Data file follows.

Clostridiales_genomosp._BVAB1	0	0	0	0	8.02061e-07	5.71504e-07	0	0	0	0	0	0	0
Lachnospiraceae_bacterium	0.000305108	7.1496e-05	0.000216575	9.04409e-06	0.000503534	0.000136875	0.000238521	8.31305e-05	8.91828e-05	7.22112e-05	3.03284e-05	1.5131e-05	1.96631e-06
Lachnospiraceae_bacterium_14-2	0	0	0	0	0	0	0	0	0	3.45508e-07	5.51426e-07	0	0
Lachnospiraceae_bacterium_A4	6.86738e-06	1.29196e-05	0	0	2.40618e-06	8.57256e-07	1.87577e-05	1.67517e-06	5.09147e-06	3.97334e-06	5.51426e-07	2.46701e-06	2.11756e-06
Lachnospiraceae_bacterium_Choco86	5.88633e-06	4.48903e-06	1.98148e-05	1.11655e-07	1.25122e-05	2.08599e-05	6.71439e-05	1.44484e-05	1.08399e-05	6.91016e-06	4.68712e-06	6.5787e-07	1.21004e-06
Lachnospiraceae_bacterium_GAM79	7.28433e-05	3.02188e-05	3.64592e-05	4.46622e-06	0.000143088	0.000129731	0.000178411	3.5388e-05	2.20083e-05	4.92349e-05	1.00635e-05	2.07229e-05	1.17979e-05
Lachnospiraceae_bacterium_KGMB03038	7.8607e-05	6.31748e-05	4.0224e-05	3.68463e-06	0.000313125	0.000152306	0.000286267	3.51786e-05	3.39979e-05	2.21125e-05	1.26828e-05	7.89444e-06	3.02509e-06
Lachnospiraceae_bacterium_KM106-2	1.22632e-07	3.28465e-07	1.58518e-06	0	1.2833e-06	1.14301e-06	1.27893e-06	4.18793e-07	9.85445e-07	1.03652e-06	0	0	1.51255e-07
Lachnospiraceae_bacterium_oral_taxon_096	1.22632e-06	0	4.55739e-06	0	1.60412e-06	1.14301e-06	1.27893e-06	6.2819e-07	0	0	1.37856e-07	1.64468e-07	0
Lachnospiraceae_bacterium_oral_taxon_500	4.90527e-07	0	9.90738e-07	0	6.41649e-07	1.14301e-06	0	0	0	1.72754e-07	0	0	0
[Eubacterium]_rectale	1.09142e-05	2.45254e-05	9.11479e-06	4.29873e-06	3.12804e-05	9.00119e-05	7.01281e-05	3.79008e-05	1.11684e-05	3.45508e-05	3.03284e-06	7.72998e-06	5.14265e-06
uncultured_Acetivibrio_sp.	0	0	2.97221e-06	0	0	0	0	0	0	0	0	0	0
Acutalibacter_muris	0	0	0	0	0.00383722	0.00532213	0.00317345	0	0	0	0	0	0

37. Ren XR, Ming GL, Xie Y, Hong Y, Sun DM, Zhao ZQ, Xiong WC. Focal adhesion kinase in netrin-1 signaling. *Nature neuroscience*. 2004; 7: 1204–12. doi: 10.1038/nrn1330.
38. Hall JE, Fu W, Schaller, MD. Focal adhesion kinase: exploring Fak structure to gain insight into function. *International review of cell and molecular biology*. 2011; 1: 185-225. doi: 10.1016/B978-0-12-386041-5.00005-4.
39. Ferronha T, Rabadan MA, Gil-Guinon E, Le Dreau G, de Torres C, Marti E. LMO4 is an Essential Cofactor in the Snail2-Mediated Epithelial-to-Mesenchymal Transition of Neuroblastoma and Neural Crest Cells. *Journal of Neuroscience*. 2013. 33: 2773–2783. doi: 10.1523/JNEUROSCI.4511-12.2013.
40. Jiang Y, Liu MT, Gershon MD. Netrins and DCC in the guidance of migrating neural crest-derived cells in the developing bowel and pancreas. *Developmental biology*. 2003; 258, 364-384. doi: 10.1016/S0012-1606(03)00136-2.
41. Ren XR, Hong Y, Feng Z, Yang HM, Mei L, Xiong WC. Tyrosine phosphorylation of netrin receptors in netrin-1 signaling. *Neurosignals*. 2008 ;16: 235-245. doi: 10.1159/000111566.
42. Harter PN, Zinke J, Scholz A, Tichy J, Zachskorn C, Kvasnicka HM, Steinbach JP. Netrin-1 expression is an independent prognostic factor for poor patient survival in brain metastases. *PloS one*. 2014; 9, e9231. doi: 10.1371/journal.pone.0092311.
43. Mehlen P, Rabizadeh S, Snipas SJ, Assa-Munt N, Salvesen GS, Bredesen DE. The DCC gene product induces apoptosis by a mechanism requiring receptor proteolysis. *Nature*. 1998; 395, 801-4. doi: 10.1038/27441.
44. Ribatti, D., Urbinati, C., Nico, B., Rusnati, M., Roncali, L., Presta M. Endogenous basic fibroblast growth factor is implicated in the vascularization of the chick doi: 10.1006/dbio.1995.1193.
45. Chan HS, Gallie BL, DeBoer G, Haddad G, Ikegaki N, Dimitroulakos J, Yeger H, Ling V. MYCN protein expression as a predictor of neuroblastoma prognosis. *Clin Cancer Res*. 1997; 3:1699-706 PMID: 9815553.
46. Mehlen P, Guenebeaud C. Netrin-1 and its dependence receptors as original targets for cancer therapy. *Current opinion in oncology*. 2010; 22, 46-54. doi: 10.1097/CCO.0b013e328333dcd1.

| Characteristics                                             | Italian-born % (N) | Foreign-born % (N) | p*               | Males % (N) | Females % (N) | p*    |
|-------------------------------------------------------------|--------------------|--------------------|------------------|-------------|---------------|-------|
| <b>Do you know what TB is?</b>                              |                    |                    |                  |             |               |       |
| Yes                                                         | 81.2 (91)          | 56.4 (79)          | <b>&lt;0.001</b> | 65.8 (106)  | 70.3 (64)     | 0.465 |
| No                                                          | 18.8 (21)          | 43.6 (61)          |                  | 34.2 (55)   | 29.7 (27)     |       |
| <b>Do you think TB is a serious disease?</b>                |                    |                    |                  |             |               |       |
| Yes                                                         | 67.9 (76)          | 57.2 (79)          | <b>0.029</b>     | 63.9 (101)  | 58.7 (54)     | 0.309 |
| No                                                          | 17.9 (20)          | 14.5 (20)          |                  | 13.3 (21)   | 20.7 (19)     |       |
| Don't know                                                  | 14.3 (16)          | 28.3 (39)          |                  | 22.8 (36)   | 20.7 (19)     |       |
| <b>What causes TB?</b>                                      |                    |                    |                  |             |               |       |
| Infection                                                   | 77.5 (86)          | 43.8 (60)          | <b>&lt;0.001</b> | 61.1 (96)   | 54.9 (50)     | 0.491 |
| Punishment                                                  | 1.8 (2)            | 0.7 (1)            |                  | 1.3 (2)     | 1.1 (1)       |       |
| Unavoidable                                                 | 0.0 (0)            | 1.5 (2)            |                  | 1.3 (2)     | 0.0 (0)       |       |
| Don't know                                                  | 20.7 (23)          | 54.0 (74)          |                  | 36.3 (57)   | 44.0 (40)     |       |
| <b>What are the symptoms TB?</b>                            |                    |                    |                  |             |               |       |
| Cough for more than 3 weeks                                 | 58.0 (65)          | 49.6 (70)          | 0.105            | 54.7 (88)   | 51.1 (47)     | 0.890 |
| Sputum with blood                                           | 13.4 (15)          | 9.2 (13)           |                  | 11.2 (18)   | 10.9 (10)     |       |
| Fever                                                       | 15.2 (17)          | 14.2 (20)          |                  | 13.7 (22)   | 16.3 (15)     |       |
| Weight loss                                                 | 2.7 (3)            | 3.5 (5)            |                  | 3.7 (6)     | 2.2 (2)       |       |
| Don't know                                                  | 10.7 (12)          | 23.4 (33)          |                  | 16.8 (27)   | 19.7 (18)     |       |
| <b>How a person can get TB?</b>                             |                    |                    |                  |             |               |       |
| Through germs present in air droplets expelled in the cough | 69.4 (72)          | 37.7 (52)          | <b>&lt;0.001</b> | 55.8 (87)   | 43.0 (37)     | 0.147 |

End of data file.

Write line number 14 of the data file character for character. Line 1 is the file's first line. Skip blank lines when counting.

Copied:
37. Ren XR, Ming GL, Xie Y, Hong Y, Sun DM, Zhao ZQ, Xiong WC. Focal adhesion kinase in netrin-1 signaling. *Nature neuroscience*. 2004; 7: 1204–12. doi: 10.1038/nrn1330.